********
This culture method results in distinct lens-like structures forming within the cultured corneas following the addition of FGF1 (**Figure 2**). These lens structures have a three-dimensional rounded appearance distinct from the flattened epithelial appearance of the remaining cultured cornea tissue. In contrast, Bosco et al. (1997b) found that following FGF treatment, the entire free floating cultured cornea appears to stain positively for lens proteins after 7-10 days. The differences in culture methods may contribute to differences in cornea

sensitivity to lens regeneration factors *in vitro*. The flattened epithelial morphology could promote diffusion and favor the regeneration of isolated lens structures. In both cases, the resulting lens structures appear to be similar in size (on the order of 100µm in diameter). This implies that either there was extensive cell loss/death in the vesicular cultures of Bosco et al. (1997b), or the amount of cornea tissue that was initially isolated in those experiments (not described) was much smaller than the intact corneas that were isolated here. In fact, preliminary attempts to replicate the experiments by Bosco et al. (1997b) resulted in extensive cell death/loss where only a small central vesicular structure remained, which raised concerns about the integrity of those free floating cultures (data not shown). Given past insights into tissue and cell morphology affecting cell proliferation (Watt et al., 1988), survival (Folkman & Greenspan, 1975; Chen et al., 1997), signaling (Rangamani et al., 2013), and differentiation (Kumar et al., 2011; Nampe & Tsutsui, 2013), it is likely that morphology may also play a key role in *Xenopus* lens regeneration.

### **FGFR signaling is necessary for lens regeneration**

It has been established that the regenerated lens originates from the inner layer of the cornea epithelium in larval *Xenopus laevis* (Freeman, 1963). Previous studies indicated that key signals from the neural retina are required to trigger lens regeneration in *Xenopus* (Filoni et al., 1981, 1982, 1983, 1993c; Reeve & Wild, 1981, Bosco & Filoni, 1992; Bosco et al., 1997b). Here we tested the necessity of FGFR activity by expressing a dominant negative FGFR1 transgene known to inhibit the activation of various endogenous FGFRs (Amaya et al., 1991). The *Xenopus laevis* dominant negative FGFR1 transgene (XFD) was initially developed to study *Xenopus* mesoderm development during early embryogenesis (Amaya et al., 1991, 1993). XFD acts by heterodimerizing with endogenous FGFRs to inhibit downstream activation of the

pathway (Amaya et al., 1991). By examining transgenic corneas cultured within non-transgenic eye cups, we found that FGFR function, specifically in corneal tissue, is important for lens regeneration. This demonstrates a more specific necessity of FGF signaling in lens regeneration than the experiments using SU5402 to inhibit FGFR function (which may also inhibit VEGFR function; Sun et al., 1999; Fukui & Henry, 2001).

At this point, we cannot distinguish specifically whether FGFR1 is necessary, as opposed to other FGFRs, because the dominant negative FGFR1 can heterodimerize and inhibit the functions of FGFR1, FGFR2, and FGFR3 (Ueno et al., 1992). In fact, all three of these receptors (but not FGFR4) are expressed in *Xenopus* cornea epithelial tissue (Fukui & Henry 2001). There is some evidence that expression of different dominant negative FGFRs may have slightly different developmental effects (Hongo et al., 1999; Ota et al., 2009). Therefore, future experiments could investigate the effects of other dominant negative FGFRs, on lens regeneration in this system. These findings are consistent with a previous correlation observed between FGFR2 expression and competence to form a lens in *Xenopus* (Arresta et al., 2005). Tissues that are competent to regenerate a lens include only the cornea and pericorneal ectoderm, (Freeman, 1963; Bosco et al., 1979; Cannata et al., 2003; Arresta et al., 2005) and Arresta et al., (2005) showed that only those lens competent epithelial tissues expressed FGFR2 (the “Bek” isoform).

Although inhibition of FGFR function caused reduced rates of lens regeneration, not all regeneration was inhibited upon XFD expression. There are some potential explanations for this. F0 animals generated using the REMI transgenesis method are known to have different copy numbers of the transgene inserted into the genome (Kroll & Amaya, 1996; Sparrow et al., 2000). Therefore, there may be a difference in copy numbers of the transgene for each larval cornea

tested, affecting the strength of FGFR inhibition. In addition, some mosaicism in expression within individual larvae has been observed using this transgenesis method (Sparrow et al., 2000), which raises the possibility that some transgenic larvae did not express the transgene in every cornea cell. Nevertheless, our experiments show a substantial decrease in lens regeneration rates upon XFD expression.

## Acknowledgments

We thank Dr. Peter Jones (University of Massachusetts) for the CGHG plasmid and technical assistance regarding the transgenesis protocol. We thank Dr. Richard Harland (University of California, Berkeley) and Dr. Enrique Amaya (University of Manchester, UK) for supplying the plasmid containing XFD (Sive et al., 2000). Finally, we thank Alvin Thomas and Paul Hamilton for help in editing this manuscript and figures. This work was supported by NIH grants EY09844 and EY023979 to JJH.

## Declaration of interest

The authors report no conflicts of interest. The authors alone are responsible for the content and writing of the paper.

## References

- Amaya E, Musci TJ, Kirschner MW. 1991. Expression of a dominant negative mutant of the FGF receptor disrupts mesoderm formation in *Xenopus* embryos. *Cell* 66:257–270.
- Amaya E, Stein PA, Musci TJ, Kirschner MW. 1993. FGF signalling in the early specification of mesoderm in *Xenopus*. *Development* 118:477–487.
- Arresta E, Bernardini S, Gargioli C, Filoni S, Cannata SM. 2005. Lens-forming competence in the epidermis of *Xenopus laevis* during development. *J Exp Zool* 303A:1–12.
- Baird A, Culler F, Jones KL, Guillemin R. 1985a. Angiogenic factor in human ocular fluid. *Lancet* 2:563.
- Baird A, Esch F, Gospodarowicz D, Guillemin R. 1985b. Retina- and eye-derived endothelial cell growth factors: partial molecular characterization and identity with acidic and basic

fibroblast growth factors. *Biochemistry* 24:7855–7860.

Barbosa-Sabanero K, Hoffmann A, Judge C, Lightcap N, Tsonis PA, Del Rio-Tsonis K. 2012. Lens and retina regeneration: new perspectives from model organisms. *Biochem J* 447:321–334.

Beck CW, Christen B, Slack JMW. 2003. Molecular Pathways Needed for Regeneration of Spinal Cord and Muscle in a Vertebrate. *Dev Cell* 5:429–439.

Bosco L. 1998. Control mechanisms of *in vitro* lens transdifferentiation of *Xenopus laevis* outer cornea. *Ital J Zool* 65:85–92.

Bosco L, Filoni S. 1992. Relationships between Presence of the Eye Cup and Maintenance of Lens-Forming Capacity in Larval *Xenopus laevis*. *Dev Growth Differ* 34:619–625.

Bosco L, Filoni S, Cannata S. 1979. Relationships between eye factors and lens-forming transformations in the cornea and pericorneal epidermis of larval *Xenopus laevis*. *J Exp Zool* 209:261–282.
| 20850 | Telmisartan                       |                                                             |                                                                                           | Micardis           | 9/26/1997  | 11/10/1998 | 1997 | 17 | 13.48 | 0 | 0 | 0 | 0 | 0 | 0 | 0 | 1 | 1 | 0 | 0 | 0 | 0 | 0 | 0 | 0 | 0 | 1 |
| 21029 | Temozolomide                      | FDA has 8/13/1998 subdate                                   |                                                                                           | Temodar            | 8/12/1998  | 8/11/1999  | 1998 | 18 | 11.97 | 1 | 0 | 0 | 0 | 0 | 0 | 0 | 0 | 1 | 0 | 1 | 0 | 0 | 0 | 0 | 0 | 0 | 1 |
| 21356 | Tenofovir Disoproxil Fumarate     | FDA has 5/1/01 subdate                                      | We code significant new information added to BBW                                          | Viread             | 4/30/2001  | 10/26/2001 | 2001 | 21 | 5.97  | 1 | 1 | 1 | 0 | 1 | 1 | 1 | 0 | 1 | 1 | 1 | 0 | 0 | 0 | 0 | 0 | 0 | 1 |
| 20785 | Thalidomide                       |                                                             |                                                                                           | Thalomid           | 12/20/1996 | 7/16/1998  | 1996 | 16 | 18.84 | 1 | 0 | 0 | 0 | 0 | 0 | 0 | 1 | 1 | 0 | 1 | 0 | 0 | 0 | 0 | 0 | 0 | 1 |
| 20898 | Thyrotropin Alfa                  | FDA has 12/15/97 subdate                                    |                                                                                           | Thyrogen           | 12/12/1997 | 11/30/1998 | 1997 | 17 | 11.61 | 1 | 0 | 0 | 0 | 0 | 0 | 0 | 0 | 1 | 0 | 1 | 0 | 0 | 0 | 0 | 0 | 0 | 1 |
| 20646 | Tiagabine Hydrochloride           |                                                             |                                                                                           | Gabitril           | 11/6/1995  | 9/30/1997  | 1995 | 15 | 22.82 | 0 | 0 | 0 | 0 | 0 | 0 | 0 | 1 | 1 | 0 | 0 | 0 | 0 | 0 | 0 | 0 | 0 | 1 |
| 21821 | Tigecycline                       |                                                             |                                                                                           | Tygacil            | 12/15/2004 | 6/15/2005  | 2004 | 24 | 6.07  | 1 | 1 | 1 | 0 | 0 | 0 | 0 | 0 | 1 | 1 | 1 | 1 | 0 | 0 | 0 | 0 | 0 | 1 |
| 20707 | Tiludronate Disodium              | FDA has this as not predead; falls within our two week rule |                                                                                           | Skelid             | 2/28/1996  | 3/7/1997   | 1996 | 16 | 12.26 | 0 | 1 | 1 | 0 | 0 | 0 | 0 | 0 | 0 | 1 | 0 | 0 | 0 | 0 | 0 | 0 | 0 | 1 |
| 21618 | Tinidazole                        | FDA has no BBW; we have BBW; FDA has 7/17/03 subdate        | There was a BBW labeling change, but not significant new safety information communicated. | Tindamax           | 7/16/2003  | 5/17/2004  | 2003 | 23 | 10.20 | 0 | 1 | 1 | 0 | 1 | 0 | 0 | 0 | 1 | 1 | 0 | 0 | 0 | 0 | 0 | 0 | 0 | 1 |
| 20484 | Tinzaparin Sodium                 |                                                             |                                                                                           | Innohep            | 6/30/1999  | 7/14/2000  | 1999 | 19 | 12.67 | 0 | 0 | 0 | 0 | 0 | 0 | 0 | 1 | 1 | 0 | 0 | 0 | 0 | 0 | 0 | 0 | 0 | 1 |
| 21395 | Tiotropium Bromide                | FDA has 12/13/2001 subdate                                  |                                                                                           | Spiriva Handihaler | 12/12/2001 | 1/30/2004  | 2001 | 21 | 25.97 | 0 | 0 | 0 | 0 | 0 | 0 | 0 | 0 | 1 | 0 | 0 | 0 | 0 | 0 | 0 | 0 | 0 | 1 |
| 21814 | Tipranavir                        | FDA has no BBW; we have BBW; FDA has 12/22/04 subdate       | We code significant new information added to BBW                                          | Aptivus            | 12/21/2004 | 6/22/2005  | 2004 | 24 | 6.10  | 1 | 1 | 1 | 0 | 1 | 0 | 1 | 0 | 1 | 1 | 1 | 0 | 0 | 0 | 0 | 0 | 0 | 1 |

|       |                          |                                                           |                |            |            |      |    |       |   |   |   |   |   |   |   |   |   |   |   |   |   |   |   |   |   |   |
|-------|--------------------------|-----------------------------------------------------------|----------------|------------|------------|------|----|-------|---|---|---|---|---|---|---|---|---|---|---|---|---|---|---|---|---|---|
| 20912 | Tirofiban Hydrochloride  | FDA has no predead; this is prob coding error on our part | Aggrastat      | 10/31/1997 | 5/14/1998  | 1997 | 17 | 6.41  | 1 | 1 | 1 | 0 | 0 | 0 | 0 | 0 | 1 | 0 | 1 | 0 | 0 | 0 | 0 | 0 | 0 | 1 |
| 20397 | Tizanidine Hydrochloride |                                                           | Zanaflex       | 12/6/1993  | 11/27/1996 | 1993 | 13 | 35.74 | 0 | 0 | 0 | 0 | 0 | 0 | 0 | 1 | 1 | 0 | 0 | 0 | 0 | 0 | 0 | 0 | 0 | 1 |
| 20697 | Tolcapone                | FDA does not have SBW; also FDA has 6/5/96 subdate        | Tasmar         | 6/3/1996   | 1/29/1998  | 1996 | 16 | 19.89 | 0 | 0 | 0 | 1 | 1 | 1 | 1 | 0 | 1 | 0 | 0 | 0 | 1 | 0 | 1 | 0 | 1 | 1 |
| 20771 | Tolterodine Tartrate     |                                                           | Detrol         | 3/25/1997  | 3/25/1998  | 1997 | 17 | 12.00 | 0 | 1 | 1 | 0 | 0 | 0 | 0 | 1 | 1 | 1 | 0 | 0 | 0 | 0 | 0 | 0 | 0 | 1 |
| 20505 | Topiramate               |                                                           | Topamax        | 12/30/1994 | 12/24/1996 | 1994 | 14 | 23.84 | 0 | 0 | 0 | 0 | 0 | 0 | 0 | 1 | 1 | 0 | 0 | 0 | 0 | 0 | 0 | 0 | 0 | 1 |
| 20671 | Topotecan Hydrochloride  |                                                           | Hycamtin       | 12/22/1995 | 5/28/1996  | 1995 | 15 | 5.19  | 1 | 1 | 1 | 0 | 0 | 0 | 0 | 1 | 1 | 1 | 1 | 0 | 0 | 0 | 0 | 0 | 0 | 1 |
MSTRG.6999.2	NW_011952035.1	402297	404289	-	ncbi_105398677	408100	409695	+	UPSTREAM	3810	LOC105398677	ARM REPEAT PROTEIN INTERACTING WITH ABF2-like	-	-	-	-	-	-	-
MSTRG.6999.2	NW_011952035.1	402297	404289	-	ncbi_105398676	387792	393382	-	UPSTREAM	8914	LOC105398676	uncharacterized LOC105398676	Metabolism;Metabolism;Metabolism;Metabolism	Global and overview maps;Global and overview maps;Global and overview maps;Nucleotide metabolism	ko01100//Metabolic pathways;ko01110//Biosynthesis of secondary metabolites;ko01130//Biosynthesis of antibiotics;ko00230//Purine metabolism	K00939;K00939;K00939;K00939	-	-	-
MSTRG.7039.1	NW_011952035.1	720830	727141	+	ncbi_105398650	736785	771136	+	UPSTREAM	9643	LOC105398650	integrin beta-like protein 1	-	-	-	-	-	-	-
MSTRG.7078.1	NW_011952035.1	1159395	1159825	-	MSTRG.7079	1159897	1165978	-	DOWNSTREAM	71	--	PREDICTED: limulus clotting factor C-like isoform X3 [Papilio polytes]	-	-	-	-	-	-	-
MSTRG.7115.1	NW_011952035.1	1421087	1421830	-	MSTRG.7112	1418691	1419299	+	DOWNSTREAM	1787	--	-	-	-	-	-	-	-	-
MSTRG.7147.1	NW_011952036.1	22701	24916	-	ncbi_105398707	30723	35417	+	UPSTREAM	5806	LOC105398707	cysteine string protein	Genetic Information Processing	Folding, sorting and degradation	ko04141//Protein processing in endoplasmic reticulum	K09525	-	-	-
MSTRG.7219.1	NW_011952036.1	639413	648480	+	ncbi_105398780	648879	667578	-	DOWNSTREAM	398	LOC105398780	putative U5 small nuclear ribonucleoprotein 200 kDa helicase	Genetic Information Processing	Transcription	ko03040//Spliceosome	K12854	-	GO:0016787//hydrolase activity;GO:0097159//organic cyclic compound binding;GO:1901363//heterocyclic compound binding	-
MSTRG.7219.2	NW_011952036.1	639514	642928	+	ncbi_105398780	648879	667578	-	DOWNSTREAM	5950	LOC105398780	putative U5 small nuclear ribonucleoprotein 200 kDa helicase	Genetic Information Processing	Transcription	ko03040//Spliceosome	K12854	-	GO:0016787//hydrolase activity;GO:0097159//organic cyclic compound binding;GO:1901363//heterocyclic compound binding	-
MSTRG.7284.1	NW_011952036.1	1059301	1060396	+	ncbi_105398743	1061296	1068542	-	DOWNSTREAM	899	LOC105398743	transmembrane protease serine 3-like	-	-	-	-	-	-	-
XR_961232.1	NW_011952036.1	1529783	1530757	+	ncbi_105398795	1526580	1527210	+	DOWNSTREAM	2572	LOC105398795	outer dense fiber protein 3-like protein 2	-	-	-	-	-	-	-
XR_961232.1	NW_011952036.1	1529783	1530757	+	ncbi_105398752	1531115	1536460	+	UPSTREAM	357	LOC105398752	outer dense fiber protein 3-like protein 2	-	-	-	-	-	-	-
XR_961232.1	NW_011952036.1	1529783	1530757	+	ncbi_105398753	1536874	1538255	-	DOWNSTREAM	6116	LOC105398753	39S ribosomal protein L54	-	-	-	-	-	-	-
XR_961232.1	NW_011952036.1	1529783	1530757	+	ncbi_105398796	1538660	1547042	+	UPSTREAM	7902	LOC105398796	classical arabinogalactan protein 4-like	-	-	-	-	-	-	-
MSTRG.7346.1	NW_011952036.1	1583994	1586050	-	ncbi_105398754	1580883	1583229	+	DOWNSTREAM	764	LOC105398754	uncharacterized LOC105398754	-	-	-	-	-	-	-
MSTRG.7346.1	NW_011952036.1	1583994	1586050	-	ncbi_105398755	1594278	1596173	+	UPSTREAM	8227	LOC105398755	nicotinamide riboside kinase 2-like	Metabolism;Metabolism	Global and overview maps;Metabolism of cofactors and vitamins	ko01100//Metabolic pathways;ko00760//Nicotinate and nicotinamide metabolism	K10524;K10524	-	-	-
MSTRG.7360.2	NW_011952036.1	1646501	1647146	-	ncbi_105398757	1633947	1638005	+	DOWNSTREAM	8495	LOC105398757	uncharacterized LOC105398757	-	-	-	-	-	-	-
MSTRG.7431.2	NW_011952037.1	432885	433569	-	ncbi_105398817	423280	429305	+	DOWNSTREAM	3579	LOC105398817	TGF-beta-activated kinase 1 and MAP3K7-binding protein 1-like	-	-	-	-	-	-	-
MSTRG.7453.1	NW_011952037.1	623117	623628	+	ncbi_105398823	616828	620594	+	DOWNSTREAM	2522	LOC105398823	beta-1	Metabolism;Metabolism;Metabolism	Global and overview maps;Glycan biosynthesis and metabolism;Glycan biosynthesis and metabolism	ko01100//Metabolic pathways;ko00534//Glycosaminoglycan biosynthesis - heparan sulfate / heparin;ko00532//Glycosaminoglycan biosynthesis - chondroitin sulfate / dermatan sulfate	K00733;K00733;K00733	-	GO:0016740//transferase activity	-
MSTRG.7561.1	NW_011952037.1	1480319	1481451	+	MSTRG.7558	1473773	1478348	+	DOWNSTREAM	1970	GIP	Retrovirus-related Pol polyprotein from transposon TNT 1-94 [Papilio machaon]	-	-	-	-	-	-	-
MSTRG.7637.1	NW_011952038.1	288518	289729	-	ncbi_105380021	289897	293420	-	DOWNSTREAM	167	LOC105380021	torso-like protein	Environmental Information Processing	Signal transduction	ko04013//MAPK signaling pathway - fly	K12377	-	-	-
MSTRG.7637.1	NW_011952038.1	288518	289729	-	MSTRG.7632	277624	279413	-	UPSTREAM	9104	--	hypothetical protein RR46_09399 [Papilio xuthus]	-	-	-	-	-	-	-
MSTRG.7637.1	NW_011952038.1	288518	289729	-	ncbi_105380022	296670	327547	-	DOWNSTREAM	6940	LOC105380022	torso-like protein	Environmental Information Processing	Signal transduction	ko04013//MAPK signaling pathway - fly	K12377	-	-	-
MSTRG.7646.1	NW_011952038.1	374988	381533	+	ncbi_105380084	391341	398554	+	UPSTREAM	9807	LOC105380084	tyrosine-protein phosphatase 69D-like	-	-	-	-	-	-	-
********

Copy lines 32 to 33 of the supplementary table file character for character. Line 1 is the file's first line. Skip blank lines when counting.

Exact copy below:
| 20707 | Tiludronate Disodium              | FDA has this as not predead; falls within our two week rule |                                                                                           | Skelid             | 2/28/1996  | 3/7/1997   | 1996 | 16 | 12.26 | 0 | 1 | 1 | 0 | 0 | 0 | 0 | 0 | 0 | 1 | 0 | 0 | 0 | 0 | 0 | 0 | 0 | 1 |
| 21618 | Tinidazole                        | FDA has no BBW; we have BBW; FDA has 7/17/03 subdate        | There was a BBW labeling change, but not significant new safety information communicated. | Tindamax           | 7/16/2003  | 5/17/2004  | 2003 | 23 | 10.20 | 0 | 1 | 1 | 0 | 1 | 0 | 0 | 0 | 1 | 1 | 0 | 0 | 0 | 0 | 0 | 0 | 0 | 1 |